'What works' polarized by politics
“Well, the liar won!” That's what half the country will be saying tomorrow night or on Wednesday morning, no matter who wins the presidential election, given the current level of political polarization, anger and mistrust.
It's probably, in fact, much more than half the population who won't be in a very celebratory mood about tomorrow's results in view of the core political belief that says, and not without an abundance of evidence, that “they all lie.”
Some of these folks won't vote and some only go to the polls to try to stop an even-worse phony from winning. As W. C. Fields said, “Hell, I never vote for anyone, I always vote against.”
In his “Damn Lies and Statistics” recent column, Peter Coy, economics editor at Bloomberg Businessweek, asks this question regarding the misinformation in the presidential campaign and the increasingly toxic nature of American politics: “If the candidates can't agree on basic facts, what hope does the U.S. have of coming together to fix the economy?”
In the second presidential debate on Oct. 16, here's the exchange on domestic oil production during the Obama presidency:
Barack Obama: “Production is up.”
Mitt Romney: “Is down.”
Obama: “No, it isn't.”
Romney: “Production on government land of oil is down 14 percent.”
Obama: “It's just not true.”
Romney: “It's absolutely true.”
This “war over facts reflects a coarsening of American politics,” writes Coy. “Polarization has undermined civility and fair play,” while the two parties have become more adept at “engineering factoids” than developing solutions to the nation's problems.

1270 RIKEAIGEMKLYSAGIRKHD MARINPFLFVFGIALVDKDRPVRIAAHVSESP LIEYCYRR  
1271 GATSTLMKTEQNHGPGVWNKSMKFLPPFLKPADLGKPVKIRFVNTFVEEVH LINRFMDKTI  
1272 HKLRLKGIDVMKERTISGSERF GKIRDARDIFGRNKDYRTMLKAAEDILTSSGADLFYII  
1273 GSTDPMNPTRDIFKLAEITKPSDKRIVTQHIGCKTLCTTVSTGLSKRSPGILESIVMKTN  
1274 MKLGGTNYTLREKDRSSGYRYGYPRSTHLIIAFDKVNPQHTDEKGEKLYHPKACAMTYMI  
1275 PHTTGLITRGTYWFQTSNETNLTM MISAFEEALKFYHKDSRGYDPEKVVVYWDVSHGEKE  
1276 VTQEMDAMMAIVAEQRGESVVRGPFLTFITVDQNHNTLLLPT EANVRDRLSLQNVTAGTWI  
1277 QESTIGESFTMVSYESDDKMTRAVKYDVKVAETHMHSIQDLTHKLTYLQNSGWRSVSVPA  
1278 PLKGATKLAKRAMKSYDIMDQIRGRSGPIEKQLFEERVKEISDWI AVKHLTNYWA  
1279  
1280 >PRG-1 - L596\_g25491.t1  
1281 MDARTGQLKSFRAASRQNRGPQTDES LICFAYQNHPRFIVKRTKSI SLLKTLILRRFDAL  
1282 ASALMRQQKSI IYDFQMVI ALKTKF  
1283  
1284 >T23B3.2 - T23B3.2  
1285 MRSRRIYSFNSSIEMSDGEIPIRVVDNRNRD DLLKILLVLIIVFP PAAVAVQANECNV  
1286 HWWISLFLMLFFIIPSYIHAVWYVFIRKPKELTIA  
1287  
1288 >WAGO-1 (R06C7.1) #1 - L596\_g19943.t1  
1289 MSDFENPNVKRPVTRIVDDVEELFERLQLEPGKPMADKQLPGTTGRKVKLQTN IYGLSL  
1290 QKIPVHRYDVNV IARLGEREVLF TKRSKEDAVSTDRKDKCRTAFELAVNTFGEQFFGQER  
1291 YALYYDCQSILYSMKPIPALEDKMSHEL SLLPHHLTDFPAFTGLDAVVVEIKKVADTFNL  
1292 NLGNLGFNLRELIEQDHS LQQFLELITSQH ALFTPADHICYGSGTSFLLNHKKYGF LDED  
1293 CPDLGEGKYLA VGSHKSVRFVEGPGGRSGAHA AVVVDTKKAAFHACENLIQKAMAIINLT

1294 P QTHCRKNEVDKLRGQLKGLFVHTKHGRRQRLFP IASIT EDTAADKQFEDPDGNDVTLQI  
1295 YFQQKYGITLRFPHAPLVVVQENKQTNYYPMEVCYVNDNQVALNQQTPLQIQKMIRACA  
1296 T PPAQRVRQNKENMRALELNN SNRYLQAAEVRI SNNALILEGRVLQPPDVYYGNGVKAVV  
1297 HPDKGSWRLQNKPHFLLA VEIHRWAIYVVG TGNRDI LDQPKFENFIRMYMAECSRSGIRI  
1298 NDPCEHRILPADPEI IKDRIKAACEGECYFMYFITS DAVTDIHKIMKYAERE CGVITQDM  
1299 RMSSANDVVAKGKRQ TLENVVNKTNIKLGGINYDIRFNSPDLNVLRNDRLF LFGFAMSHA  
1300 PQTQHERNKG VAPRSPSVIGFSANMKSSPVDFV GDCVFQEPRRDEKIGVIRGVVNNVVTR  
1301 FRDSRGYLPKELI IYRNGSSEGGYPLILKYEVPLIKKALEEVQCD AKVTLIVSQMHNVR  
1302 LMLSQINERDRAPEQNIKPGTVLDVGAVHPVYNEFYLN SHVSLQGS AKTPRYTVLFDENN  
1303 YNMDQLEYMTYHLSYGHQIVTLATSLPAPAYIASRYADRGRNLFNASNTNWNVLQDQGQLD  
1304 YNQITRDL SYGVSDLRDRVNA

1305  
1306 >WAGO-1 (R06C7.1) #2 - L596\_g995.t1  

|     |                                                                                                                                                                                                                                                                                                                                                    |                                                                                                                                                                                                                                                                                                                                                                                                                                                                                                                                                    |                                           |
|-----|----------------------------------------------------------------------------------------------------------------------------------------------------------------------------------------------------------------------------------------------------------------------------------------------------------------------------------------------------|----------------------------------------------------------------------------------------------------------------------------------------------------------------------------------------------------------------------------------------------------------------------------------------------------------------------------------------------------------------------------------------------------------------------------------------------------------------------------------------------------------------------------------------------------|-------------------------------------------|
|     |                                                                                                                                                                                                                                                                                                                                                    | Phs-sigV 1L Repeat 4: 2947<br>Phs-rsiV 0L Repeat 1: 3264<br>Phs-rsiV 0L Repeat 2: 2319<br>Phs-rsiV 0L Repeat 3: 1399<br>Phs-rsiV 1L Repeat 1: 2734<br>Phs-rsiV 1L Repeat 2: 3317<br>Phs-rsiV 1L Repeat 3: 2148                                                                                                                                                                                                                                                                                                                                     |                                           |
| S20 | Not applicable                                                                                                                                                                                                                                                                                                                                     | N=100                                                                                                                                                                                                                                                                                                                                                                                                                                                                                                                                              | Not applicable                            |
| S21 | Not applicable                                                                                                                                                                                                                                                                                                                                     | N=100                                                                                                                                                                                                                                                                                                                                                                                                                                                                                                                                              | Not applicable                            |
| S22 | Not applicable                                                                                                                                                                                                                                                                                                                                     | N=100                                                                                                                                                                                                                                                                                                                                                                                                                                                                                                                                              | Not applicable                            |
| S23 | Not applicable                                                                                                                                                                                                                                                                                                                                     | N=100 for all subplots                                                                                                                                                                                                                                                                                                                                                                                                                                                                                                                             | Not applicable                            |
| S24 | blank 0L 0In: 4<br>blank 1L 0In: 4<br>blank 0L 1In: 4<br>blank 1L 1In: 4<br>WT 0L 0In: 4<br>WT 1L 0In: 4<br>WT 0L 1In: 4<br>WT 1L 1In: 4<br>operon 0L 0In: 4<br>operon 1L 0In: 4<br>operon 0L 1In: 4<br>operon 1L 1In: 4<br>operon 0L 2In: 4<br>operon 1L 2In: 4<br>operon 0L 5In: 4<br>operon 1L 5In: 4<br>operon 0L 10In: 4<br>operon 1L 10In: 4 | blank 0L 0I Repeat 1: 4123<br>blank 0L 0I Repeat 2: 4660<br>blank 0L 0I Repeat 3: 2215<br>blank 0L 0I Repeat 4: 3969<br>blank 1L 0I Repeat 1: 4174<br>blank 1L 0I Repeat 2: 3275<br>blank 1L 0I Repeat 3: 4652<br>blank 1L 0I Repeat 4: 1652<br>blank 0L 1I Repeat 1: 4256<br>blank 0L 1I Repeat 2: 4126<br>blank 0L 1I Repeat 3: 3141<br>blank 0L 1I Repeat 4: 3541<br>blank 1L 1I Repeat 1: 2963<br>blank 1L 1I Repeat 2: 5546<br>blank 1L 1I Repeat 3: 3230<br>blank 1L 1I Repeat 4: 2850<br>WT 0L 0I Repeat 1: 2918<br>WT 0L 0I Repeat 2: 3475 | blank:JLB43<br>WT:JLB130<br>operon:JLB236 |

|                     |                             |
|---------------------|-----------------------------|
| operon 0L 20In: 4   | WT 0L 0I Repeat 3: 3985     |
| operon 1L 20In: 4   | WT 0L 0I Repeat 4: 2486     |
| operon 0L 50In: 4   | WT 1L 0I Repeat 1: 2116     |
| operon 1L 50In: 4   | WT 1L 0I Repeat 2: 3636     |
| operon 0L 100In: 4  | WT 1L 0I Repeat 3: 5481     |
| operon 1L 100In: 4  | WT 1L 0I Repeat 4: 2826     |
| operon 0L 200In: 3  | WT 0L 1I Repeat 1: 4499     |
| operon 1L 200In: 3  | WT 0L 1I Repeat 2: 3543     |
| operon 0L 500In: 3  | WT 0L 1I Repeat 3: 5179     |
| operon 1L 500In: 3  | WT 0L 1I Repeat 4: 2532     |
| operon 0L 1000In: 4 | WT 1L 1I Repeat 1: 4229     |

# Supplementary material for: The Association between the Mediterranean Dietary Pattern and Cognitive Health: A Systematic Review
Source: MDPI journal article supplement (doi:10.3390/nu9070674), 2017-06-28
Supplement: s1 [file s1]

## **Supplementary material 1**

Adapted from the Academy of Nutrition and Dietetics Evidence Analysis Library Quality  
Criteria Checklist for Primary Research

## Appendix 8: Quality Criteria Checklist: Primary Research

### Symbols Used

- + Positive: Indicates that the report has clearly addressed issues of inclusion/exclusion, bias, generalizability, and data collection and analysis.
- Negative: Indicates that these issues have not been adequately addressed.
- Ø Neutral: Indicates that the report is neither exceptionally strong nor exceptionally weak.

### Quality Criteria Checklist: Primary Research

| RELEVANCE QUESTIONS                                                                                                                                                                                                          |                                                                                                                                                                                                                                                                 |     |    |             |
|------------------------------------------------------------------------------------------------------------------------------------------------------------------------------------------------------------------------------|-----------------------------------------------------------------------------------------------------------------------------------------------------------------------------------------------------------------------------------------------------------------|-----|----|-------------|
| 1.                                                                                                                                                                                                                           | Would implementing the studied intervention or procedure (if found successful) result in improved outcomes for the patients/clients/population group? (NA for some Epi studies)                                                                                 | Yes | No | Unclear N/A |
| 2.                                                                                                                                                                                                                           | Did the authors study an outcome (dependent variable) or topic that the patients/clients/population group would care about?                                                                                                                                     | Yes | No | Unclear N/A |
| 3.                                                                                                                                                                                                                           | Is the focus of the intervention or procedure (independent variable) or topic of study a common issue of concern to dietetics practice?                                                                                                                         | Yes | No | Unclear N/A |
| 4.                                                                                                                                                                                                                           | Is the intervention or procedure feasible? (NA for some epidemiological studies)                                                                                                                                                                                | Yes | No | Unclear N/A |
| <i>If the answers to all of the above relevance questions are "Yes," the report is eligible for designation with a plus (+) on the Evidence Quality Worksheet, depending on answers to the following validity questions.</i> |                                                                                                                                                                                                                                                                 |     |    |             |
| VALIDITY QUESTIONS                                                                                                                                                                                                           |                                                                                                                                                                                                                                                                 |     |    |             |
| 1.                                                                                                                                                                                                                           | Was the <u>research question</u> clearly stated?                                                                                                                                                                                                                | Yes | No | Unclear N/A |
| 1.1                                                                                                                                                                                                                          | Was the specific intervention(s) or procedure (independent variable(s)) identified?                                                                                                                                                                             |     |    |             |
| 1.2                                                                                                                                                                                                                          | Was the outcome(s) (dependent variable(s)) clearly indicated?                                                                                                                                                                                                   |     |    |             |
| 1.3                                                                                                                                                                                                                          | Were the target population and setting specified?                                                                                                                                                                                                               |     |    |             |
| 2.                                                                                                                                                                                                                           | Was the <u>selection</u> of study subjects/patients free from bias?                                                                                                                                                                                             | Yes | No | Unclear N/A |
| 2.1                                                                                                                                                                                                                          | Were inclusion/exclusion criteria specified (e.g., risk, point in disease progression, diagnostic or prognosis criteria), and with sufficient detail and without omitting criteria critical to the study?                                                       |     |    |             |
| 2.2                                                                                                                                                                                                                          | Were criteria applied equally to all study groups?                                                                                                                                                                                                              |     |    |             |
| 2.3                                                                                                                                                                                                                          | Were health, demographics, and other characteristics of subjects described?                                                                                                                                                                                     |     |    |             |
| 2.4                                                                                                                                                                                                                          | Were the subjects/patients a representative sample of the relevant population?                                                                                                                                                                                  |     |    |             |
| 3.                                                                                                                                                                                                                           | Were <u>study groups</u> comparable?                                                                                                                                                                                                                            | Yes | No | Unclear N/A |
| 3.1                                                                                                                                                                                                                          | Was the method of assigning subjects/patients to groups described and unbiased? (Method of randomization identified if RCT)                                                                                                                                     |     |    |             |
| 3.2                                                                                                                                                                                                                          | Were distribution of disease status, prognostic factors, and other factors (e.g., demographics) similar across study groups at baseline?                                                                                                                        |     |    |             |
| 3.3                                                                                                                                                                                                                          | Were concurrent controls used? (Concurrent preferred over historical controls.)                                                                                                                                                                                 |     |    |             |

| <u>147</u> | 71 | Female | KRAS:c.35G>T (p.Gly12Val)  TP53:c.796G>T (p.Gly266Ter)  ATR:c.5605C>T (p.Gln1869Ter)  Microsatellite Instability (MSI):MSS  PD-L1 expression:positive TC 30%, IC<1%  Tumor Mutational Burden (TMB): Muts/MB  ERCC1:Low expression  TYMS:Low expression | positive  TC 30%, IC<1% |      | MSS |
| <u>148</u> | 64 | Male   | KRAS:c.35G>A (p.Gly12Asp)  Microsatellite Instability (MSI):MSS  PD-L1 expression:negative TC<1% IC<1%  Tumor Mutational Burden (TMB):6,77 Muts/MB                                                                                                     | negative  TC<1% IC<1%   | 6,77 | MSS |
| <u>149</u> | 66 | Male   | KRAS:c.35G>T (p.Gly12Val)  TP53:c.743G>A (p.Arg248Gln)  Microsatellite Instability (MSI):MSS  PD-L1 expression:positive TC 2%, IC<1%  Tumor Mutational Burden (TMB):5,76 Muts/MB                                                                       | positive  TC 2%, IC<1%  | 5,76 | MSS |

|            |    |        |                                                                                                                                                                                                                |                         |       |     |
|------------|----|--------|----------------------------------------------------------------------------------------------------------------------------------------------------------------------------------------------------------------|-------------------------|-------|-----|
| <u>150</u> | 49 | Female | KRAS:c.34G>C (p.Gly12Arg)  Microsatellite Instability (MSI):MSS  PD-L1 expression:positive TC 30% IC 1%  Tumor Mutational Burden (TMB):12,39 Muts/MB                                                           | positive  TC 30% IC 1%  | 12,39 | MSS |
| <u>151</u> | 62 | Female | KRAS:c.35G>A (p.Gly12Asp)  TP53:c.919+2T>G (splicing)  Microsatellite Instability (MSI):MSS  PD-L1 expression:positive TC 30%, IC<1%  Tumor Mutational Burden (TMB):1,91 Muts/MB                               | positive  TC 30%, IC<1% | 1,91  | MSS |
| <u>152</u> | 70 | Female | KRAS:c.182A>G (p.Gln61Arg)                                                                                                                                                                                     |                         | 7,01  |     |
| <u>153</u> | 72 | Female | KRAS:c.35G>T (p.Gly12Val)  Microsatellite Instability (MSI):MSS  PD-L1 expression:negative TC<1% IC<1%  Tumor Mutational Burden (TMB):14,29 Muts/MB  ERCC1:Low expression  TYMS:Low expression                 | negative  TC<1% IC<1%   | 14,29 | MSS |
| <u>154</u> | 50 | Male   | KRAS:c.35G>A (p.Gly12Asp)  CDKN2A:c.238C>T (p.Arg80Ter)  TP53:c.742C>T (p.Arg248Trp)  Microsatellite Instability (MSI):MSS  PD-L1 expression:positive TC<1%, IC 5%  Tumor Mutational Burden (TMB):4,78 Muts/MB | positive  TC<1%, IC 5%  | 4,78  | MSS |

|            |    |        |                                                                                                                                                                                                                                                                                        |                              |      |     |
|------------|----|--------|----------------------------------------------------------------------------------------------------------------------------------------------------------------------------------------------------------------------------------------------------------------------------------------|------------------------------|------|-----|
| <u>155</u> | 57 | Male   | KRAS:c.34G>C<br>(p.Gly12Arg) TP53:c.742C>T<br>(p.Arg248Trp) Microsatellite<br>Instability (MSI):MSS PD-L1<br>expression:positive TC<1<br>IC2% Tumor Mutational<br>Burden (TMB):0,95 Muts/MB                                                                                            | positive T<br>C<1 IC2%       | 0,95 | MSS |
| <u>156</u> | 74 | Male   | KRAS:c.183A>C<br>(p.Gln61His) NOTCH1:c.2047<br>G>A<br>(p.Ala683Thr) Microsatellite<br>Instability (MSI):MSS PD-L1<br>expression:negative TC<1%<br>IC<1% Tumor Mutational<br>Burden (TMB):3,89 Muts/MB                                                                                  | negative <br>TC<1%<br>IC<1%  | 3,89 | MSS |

Increasingly, Coy warns, we're a nation of divided and enraged true believers with “partisans on both sides” who “simply can't believe information that undermines their cause or supports their opponents'.”
When it's pounded into your head that Ronald Reagan was a patsy for the rich and a nightmare for the poor, it's hard to process the fact that unemployment declined from 7.4 percent in December 1980, the final month of Carter's administration, to an average of 5.4 percent during Reagan's two terms, a drop of 27 percent.
Both the poverty rate and the number of poor people in America, once Reagan's economic policies kicked in, declined every year from 1983 to 1989, pushing the poverty rate down by 17 percent from its peak.
Reagan also inherited a 21.5 percent prime rate and double-digit inflation, with the Consumer Price Index rising 11.3 percent in 1979 and 13.5 percent in 1980 — 25 percent in two years, a snowballing of prices that's the least affordable by those at the bottom, those who are already struggling to buy the basics and unable to cut back on spending when faced with a 25 percent cut in their inflation-adjusted incomes.
Overall, more wealth was created in the U.S. in the 25 years following the enactment of Reagan's pro-business, deregulatory, pro-incentives, tax-cutting and pro-growth policies, 1982-2007, than in America's previous 200 years, with the inflation-adjusted net worth of all U.S. households and businesses more than doubling from $25 trillion to $57 trillion.
That's big money, big enough for the Soviets to see that it was time to toss in the towel in the Cold War.
Not bad — prosperity and peace, more jobs, less poverty, less unemployment, less misery, unprecedented long-term economic growth — and less bloodletting in war. So what's the problem? Why can't those who are anti-poverty, pro-jobs and anti-war just recognize what works and what doesn't?
Ralph R. Reiland is an associate professor of economics at Robert Morris University and a local restaurateur. His email: firstname.lastname@example.org